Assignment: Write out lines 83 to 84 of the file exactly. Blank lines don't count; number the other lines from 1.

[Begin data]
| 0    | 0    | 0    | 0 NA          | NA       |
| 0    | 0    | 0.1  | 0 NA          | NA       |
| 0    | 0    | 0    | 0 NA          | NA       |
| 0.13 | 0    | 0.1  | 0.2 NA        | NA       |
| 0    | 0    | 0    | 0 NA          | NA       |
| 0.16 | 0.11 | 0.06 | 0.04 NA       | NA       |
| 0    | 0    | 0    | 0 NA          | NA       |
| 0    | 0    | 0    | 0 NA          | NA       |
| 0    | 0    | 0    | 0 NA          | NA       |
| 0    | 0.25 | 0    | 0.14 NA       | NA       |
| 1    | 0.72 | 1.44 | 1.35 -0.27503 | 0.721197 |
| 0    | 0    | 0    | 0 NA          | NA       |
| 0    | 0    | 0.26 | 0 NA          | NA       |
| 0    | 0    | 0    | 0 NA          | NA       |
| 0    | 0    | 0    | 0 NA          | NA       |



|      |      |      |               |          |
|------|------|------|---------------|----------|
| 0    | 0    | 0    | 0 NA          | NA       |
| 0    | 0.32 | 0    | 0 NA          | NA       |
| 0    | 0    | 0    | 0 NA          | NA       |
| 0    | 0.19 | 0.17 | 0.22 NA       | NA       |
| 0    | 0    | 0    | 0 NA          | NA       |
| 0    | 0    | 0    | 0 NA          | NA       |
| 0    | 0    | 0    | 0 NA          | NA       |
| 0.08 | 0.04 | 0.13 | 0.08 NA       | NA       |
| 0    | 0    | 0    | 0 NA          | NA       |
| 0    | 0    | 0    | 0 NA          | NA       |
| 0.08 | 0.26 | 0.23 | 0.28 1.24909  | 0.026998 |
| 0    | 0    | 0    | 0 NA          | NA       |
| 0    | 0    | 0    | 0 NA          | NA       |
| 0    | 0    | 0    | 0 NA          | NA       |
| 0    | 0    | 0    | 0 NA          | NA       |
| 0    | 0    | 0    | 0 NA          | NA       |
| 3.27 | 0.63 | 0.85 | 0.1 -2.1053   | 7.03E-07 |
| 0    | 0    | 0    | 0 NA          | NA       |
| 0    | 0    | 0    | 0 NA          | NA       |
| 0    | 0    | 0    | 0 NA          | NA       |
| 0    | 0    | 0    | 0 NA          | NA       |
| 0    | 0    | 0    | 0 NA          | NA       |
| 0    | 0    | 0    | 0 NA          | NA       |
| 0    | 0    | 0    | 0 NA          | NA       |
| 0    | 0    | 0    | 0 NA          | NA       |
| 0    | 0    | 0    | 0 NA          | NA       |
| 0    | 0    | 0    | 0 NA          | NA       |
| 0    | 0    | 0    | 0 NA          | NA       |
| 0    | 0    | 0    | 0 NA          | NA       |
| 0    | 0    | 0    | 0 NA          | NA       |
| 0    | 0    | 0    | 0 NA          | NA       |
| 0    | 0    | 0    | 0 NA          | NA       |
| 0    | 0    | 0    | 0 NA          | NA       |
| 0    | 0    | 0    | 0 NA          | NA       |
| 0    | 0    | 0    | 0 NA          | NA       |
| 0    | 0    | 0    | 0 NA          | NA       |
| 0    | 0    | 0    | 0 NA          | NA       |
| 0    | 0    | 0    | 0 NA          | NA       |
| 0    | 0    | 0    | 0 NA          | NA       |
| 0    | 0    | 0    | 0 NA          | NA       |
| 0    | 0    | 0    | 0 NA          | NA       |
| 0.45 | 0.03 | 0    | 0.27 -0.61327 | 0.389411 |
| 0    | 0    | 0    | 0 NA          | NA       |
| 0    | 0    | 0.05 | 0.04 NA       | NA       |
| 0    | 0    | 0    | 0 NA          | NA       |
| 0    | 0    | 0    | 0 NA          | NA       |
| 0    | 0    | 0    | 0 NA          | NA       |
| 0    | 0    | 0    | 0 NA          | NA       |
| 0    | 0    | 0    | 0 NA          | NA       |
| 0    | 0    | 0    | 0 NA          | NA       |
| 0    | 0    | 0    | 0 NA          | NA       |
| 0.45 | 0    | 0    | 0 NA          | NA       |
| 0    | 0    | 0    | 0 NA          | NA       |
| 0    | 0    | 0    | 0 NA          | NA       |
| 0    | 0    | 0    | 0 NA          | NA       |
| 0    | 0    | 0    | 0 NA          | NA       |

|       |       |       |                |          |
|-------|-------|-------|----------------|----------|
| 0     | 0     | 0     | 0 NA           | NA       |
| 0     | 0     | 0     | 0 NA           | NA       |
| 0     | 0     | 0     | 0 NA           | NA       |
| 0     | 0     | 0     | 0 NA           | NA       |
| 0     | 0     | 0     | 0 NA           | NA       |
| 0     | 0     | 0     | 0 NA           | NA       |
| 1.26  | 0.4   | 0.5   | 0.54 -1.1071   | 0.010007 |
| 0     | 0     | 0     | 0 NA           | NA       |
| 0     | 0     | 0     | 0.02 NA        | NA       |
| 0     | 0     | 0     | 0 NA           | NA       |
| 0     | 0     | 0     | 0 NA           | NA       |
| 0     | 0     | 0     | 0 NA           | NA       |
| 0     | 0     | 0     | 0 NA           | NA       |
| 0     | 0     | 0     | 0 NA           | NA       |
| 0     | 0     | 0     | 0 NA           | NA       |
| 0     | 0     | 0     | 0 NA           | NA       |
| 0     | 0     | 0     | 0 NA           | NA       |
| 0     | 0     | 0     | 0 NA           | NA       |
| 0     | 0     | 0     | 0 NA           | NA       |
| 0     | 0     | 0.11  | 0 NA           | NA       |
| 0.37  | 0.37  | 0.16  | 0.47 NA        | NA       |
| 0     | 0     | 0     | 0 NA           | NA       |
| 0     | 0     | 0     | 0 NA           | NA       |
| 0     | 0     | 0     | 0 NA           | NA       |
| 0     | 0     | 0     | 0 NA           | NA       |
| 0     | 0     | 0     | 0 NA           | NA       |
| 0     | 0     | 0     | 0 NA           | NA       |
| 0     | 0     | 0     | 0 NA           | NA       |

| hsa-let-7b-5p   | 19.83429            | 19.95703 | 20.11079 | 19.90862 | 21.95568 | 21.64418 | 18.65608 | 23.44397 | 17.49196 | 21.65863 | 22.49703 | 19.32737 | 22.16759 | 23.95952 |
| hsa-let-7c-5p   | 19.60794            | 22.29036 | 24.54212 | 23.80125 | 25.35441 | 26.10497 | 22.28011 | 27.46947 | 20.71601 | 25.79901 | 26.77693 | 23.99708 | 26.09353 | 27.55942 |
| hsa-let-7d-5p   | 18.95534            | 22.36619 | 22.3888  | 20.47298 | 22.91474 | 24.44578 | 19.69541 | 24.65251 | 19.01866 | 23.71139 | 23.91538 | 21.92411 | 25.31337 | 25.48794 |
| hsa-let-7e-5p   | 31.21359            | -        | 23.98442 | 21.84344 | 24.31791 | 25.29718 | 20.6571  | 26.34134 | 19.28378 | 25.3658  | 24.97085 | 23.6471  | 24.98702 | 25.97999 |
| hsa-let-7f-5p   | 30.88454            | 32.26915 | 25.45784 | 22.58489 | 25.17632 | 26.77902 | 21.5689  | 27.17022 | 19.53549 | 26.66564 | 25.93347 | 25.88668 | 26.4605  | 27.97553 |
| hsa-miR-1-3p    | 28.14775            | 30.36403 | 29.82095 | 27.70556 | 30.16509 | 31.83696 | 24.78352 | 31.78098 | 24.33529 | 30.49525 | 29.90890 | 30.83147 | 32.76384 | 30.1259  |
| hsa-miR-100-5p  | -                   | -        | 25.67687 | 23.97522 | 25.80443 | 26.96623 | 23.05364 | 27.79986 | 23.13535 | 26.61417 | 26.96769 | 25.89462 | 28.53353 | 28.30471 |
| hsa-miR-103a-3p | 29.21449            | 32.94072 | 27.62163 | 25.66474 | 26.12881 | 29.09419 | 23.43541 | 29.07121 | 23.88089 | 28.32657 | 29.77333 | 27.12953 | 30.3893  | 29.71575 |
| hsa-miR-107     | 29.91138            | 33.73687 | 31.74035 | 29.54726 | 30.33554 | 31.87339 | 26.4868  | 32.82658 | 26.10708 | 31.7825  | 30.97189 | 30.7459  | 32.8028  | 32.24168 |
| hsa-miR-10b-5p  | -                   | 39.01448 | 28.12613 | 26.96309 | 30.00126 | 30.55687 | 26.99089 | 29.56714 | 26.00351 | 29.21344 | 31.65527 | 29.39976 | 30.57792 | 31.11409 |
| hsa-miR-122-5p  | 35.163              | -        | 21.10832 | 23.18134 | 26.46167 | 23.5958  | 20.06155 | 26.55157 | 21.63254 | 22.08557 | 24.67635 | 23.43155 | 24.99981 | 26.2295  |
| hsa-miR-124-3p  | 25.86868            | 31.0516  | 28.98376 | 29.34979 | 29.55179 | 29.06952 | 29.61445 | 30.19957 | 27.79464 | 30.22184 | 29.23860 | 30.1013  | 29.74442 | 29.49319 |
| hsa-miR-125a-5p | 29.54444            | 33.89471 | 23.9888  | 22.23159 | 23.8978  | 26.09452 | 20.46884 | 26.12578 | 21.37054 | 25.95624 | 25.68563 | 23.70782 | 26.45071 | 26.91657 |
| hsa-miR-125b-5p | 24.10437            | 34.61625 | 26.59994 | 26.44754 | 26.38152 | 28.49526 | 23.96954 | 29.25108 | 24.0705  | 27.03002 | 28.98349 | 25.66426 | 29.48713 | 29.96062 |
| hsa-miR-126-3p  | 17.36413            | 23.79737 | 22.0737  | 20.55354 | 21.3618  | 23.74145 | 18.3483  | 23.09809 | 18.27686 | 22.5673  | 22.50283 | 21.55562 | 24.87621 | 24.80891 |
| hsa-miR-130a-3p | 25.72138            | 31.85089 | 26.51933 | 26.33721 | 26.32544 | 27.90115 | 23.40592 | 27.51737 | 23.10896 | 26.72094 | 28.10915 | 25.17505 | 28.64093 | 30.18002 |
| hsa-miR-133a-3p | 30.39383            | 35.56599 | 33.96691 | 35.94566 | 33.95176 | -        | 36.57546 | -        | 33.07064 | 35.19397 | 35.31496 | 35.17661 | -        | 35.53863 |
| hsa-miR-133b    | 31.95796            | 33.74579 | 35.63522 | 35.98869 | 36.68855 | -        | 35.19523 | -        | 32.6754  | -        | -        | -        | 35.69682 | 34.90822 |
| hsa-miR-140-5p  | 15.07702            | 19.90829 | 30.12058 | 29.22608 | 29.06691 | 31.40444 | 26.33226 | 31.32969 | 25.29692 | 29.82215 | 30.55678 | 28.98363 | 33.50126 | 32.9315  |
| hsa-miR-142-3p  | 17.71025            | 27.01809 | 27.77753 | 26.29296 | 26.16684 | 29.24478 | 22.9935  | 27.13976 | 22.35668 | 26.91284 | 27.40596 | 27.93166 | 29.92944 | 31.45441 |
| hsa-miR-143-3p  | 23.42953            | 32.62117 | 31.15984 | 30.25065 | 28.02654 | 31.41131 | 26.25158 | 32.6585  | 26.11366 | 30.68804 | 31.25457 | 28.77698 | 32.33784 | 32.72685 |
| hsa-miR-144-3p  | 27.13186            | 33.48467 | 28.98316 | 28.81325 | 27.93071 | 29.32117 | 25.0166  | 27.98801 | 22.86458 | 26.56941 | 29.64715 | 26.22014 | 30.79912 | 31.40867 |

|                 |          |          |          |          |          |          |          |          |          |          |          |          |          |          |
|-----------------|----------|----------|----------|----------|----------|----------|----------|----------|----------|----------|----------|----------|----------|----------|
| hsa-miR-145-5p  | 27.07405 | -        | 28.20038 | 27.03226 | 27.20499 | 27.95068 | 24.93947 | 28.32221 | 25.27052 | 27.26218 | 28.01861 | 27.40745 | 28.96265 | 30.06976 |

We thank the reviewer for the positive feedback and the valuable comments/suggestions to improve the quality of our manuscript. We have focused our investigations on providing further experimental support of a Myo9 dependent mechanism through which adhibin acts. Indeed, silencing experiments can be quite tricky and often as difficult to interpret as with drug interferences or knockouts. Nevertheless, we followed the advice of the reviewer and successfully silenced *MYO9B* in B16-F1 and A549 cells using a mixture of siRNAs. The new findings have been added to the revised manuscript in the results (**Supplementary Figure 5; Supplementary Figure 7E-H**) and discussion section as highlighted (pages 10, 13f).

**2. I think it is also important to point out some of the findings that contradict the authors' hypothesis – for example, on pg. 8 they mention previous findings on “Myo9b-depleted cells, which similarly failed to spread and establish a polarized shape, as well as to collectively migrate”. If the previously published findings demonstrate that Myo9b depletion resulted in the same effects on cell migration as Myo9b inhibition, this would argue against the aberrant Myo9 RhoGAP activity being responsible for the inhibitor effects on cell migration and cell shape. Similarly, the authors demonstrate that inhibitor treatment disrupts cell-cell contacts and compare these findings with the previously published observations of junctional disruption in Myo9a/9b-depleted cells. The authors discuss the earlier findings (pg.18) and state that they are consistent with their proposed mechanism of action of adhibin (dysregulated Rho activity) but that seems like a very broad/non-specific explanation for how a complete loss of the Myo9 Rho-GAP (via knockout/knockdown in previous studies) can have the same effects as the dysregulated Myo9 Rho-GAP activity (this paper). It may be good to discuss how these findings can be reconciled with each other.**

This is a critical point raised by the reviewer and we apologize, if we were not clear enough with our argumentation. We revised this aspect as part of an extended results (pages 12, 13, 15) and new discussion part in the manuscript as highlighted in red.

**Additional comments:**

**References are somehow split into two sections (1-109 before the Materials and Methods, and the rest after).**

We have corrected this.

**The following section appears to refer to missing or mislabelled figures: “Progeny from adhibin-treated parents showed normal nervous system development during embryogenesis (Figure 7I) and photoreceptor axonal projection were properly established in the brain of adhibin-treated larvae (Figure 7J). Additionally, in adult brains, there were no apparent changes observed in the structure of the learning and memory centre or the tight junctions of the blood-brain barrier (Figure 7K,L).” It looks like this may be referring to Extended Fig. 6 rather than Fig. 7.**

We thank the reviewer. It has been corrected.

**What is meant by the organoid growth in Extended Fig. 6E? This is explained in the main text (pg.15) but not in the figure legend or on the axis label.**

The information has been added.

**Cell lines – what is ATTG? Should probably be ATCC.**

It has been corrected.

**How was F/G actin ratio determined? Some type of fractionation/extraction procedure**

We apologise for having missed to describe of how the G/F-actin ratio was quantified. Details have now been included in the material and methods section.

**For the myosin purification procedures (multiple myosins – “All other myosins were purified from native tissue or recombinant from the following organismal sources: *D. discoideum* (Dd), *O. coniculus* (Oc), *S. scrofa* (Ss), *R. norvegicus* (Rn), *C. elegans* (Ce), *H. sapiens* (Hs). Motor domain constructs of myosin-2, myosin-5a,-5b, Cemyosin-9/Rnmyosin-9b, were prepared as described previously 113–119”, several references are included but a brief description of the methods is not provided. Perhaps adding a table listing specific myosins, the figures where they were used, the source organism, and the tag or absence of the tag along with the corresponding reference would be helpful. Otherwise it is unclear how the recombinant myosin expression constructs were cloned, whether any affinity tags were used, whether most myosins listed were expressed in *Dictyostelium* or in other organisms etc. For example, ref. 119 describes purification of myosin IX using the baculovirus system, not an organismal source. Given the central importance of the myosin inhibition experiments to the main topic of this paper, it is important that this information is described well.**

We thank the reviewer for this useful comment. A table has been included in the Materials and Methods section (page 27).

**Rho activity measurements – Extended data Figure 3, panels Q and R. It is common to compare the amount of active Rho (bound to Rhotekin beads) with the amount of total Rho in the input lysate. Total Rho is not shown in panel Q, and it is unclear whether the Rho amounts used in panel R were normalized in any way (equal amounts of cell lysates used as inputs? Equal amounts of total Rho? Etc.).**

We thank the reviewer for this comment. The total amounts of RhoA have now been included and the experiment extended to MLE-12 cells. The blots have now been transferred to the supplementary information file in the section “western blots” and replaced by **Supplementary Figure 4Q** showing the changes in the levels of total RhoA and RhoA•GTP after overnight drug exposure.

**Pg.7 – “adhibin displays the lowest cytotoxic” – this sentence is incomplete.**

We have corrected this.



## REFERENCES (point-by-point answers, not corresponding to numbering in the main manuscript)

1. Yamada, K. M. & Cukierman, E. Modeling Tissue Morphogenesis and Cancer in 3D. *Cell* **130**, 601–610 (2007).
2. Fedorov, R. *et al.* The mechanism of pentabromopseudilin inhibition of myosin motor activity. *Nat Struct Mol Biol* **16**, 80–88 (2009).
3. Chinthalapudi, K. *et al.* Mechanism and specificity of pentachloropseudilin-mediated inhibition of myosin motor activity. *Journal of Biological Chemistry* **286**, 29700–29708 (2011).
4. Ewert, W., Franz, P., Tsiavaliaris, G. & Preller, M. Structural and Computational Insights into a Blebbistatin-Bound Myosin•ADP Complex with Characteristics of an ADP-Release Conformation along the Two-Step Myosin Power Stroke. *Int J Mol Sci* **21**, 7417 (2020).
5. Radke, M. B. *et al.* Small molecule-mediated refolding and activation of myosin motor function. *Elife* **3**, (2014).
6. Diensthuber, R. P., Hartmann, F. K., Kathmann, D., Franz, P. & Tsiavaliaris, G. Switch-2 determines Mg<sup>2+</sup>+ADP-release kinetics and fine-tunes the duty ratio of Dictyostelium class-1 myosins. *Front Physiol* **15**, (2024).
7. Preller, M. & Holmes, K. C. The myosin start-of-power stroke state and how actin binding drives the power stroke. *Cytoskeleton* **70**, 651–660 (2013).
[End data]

| 0     | 0     | 0     | 0 NA           | NA       |
| 0     | 0     | 0     | 0.02 NA        | NA       |